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Marriage Among the Indian Nations of the Great Basin

The Great Basin Culture Area includes the high desert regions between the Sierra Nevada and the Rocky Mountains. It is bounded on the north by the Columbia Plateau and on the south by the Colorado Plateau. It includes southern Oregon and Idaho, a small portion of southwestern Montana, western Wyoming, eastern California, all of Nevada and Utah, a portion of northern Arizona, and most of western Colorado. This is an area which is characterized by low rainfall and extremes of temperature. The valleys in the area are 3,000 to 6,000 feet in altitude and are separated by mountain ranges running north and south that are 8,000 to 12,000 feet in elevation. The rivers in this region do not flow into the ocean, but simply disappear into the sand.

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A Brief Overview of Cherokee Culture

When the Europeans began their invasion of the Americas, the Cherokee were an agricultural people whose villages could be found throughout the American Southeast. In his book In the Courts of the Conqueror: The 10 Worst Indian Law Cases Ever Decided, Walter Echo-Hawk describes it this way:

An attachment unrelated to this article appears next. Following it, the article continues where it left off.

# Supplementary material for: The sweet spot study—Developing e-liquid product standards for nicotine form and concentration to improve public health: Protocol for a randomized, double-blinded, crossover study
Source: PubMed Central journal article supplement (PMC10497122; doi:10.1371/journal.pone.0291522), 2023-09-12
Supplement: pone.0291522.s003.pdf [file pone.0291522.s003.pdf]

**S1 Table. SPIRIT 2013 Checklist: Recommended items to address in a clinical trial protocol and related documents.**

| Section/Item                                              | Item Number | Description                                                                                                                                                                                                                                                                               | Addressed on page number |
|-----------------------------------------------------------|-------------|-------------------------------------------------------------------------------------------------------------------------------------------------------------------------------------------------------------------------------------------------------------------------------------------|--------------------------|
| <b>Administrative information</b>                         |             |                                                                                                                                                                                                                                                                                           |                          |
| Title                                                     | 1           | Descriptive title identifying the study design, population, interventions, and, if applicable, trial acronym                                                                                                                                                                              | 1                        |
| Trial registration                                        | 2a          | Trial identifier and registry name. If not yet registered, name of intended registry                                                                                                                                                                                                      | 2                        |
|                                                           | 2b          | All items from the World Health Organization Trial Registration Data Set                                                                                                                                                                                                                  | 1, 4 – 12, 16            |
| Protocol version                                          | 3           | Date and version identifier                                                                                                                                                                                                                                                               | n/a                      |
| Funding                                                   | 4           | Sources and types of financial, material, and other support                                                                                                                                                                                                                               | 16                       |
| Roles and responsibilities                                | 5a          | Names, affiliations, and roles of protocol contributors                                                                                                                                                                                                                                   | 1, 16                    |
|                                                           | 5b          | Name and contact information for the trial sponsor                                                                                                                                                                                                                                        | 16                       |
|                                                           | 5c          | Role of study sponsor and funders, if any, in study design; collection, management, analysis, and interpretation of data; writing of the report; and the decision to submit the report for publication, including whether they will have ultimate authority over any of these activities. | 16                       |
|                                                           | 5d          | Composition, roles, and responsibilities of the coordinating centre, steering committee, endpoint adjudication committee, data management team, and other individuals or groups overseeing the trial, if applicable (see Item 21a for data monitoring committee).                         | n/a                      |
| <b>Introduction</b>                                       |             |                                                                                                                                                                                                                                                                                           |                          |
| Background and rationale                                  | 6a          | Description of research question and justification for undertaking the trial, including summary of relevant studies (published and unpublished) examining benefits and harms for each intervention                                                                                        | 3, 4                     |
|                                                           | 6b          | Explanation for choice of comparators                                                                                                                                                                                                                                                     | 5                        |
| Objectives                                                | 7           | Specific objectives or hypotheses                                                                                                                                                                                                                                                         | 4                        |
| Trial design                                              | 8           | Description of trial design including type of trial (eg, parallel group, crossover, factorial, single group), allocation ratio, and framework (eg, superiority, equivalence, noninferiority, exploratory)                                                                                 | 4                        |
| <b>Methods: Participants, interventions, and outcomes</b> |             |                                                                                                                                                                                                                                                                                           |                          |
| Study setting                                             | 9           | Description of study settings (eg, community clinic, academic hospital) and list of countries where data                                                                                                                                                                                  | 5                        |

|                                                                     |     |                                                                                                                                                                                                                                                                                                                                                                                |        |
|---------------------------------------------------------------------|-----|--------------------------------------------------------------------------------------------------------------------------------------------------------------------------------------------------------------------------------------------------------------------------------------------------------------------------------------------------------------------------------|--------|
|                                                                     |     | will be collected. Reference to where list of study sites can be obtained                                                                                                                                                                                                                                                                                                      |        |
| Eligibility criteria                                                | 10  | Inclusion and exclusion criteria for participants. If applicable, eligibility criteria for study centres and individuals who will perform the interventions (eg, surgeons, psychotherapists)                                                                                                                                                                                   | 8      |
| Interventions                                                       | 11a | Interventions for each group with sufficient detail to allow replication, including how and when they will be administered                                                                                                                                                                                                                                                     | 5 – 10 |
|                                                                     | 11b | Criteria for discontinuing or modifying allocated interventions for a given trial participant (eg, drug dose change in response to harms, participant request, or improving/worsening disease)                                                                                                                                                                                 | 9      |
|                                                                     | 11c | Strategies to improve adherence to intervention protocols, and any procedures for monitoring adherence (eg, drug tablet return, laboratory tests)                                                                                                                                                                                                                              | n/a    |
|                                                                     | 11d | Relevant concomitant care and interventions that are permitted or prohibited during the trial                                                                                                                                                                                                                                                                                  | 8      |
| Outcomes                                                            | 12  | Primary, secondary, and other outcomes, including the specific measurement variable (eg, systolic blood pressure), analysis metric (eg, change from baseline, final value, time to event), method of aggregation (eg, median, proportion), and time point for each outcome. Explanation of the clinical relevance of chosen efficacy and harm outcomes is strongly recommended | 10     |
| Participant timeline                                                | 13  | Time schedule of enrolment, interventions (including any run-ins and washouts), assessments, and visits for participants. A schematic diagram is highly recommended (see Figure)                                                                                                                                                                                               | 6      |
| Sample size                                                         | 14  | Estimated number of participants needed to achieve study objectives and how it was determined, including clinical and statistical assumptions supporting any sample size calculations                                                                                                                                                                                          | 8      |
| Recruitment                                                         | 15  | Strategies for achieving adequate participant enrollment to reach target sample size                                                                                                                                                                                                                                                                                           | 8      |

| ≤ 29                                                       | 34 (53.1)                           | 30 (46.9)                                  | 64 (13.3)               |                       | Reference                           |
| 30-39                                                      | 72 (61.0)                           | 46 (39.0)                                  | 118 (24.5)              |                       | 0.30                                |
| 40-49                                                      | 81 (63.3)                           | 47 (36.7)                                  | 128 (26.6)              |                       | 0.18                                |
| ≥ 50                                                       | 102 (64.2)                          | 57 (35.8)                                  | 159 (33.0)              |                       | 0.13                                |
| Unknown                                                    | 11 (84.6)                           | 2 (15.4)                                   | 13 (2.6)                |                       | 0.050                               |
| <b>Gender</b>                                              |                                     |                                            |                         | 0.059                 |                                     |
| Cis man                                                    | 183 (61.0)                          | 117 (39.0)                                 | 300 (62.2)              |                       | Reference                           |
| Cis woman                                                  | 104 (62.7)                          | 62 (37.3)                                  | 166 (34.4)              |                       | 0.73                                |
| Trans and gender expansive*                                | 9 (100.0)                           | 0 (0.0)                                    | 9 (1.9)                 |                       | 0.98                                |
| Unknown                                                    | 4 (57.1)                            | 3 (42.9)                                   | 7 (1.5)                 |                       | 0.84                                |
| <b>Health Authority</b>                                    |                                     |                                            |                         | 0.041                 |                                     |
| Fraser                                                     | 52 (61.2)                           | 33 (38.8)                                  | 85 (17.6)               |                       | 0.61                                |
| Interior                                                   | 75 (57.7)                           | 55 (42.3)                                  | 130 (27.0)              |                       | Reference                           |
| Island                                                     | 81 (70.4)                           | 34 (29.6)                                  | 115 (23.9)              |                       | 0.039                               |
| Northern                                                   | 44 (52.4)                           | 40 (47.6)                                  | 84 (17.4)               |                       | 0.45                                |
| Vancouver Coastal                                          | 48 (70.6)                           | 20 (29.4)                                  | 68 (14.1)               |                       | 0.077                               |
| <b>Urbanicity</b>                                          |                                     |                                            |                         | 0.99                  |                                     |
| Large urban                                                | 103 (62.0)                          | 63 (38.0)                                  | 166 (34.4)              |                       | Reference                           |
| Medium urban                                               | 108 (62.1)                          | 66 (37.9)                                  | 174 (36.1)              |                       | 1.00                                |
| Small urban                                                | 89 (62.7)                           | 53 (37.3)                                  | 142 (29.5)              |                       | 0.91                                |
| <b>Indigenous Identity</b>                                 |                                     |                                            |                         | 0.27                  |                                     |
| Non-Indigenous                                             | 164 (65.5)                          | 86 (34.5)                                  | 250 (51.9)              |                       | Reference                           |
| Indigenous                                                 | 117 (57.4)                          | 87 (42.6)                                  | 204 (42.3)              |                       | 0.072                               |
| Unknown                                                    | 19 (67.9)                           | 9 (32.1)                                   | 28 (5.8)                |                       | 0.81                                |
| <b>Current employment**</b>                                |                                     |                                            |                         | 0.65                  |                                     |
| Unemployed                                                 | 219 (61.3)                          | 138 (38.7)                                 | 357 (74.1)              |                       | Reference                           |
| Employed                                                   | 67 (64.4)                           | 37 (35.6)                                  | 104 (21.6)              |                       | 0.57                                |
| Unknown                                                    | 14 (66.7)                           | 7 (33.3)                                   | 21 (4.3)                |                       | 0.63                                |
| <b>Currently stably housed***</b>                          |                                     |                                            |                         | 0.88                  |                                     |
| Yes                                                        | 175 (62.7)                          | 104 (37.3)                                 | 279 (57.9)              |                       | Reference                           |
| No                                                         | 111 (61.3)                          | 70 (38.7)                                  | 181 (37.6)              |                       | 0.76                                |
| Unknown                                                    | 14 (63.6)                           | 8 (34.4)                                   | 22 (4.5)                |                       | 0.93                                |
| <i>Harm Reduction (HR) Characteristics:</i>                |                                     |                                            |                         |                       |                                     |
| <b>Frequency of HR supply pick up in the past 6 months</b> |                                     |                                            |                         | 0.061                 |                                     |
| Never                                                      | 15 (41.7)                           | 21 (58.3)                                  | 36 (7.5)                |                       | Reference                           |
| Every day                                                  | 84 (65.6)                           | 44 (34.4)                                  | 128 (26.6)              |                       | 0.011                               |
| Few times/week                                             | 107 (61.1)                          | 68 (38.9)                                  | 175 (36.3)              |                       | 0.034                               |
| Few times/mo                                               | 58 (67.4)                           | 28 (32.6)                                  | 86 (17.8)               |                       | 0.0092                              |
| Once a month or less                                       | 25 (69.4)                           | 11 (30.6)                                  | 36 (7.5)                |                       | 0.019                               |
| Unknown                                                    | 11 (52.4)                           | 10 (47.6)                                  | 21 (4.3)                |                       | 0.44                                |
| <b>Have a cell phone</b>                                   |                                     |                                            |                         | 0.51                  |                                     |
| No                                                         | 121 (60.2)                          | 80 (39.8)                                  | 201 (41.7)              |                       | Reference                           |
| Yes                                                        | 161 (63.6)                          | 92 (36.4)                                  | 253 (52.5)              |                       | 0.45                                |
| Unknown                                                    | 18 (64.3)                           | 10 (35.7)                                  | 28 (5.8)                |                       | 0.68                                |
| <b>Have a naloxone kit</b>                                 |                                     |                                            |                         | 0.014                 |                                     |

“The aboriginal Cherokee homeland extends throughout the mountainous Allegheny region of the American Southeast in present-day Georgia, Tennessee, Alabama, Virginia, Kentucky, and the Carolinas.”

This territory spread over 40,000 square miles.

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A Short Overview of the Potawatomi Indians

The Potawatomi were one of several Algonquian-speaking Indian nations which inhabited the western portion of the Northeastern Woodlands culture area. Among the Algonquian-speaking people of the western Great Lakes area, farming was of secondary economic importance (hunting and gathering were of greater importance) and contributed less than half of their food. As with the other Indian farmers of the Northeast, they raised corn, beans, tobacco, and squash.

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Christian Imperialism

One example of religious imperialism can be seen in the era following the Age of Discovery which began in the fifteenth century. European kings, and later the United States, used a legal fiction known as the Doctrine of Discovery to justify their acquisition of new territories outside of Europe. Following this doctrine, Christianity is seen as superior to all other religions and therefore Christian monarchs (and later Christian republics such as the United States) have a legal and religious right and even an obligation to impose their rule on all non-Christians.

It should be noted that the Doctrine of Discovery applies only to Christian nations in their dealings with non-Christian peoples. In his book American Indians and the Law, law professor Bruce Duthu writes:

“Only Christian colonizers in their encounters with non-Christian peoples could invoke the discovery doctrine. An indigenous seafaring tribe, by contrast, could not plant a flag in the British Isles or on the beaches of Normandy and make comparable claims to England or France under the doctrine.”